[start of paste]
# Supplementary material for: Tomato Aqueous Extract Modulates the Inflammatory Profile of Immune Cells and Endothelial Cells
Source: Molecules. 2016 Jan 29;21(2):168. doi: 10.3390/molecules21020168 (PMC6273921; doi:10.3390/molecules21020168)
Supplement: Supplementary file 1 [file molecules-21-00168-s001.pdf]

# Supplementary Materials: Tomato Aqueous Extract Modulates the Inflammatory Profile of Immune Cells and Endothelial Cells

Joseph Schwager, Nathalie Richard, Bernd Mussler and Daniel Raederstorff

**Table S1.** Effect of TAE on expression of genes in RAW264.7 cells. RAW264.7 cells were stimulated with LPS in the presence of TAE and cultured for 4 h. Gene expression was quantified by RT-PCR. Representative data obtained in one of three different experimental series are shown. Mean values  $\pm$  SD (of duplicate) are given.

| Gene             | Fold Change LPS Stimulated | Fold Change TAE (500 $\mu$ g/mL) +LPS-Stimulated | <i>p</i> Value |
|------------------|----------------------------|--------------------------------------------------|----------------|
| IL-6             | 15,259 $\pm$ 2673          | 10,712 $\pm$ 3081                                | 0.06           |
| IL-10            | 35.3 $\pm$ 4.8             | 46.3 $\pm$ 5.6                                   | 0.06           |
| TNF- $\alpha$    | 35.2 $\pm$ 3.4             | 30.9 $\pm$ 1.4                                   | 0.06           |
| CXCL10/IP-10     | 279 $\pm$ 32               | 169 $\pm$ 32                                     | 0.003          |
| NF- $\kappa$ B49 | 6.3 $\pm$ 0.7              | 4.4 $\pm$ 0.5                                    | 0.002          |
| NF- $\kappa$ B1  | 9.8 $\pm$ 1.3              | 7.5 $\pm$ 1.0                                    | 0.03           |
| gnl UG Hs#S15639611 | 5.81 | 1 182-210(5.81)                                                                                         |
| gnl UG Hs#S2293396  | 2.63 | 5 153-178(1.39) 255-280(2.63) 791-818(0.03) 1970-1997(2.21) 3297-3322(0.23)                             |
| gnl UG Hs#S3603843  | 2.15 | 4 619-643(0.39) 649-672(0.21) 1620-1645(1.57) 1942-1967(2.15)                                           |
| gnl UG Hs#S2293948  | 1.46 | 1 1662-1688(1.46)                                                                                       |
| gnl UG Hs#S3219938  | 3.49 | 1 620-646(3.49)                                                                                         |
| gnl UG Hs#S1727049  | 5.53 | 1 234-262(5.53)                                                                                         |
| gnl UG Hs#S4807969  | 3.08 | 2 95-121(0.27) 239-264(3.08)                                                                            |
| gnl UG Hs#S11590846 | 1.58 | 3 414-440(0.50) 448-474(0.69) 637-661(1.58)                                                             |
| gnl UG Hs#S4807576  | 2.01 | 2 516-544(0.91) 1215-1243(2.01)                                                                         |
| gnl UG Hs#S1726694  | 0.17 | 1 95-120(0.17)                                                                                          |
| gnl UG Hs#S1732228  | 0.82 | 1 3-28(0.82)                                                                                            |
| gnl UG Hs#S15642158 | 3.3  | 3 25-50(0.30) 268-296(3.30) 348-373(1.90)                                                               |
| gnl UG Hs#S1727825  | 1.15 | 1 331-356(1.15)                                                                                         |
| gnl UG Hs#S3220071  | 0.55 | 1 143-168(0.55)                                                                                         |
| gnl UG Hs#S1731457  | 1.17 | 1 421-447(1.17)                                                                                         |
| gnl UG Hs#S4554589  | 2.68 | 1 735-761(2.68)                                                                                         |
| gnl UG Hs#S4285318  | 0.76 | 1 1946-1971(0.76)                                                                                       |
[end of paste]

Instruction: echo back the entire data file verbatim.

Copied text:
# Supplementary material for: Tomato Aqueous Extract Modulates the Inflammatory Profile of Immune Cells and Endothelial Cells
Source: Molecules. 2016 Jan 29;21(2):168. doi: 10.3390/molecules21020168 (PMC6273921; doi:10.3390/molecules21020168)
Supplement: Supplementary file 1 [file molecules-21-00168-s001.pdf]

# Supplementary Materials: Tomato Aqueous Extract Modulates the Inflammatory Profile of Immune Cells and Endothelial Cells

Joseph Schwager, Nathalie Richard, Bernd Mussler and Daniel Raederstorff

**Table S1.** Effect of TAE on expression of genes in RAW264.7 cells. RAW264.7 cells were stimulated with LPS in the presence of TAE and cultured for 4 h. Gene expression was quantified by RT-PCR. Representative data obtained in one of three different experimental series are shown. Mean values  $\pm$  SD (of duplicate) are given.

| Gene             | Fold Change LPS Stimulated | Fold Change TAE (500 $\mu$ g/mL) +LPS-Stimulated | <i>p</i> Value |
|------------------|----------------------------|--------------------------------------------------|----------------|
| IL-6             | 15,259 $\pm$ 2673          | 10,712 $\pm$ 3081                                | 0.06           |
| IL-10            | 35.3 $\pm$ 4.8             | 46.3 $\pm$ 5.6                                   | 0.06           |
| TNF- $\alpha$    | 35.2 $\pm$ 3.4             | 30.9 $\pm$ 1.4                                   | 0.06           |
| CXCL10/IP-10     | 279 $\pm$ 32               | 169 $\pm$ 32                                     | 0.003          |
| NF- $\kappa$ B49 | 6.3 $\pm$ 0.7              | 4.4 $\pm$ 0.5                                    | 0.002          |
| NF- $\kappa$ B1  | 9.8 $\pm$ 1.3              | 7.5 $\pm$ 1.0                                    | 0.03           |
| gnl UG Hs#S15639611 | 5.81 | 1 182-210(5.81)                                                                                         |
| gnl UG Hs#S2293396  | 2.63 | 5 153-178(1.39) 255-280(2.63) 791-818(0.03) 1970-1997(2.21) 3297-3322(0.23)                             |
| gnl UG Hs#S3603843  | 2.15 | 4 619-643(0.39) 649-672(0.21) 1620-1645(1.57) 1942-1967(2.15)                                           |
| gnl UG Hs#S2293948  | 1.46 | 1 1662-1688(1.46)                                                                                       |
| gnl UG Hs#S3219938  | 3.49 | 1 620-646(3.49)                                                                                         |
| gnl UG Hs#S1727049  | 5.53 | 1 234-262(5.53)                                                                                         |
| gnl UG Hs#S4807969  | 3.08 | 2 95-121(0.27) 239-264(3.08)                                                                            |
| gnl UG Hs#S11590846 | 1.58 | 3 414-440(0.50) 448-474(0.69) 637-661(1.58)                                                             |
| gnl UG Hs#S4807576  | 2.01 | 2 516-544(0.91) 1215-1243(2.01)                                                                         |
| gnl UG Hs#S1726694  | 0.17 | 1 95-120(0.17)                                                                                          |
| gnl UG Hs#S1732228  | 0.82 | 1 3-28(0.82)                                                                                            |
| gnl UG Hs#S15642158 | 3.3  | 3 25-50(0.30) 268-296(3.30) 348-373(1.90)                                                               |
| gnl UG Hs#S1727825  | 1.15 | 1 331-356(1.15)                                                                                         |
| gnl UG Hs#S3220071  | 0.55 | 1 143-168(0.55)                                                                                         |
| gnl UG Hs#S1731457  | 1.17 | 1 421-447(1.17)                                                                                         |
| gnl UG Hs#S4554589  | 2.68 | 1 735-761(2.68)                                                                                         |
| gnl UG Hs#S4285318  | 0.76 | 1 1946-1971(0.76)                                                                                       |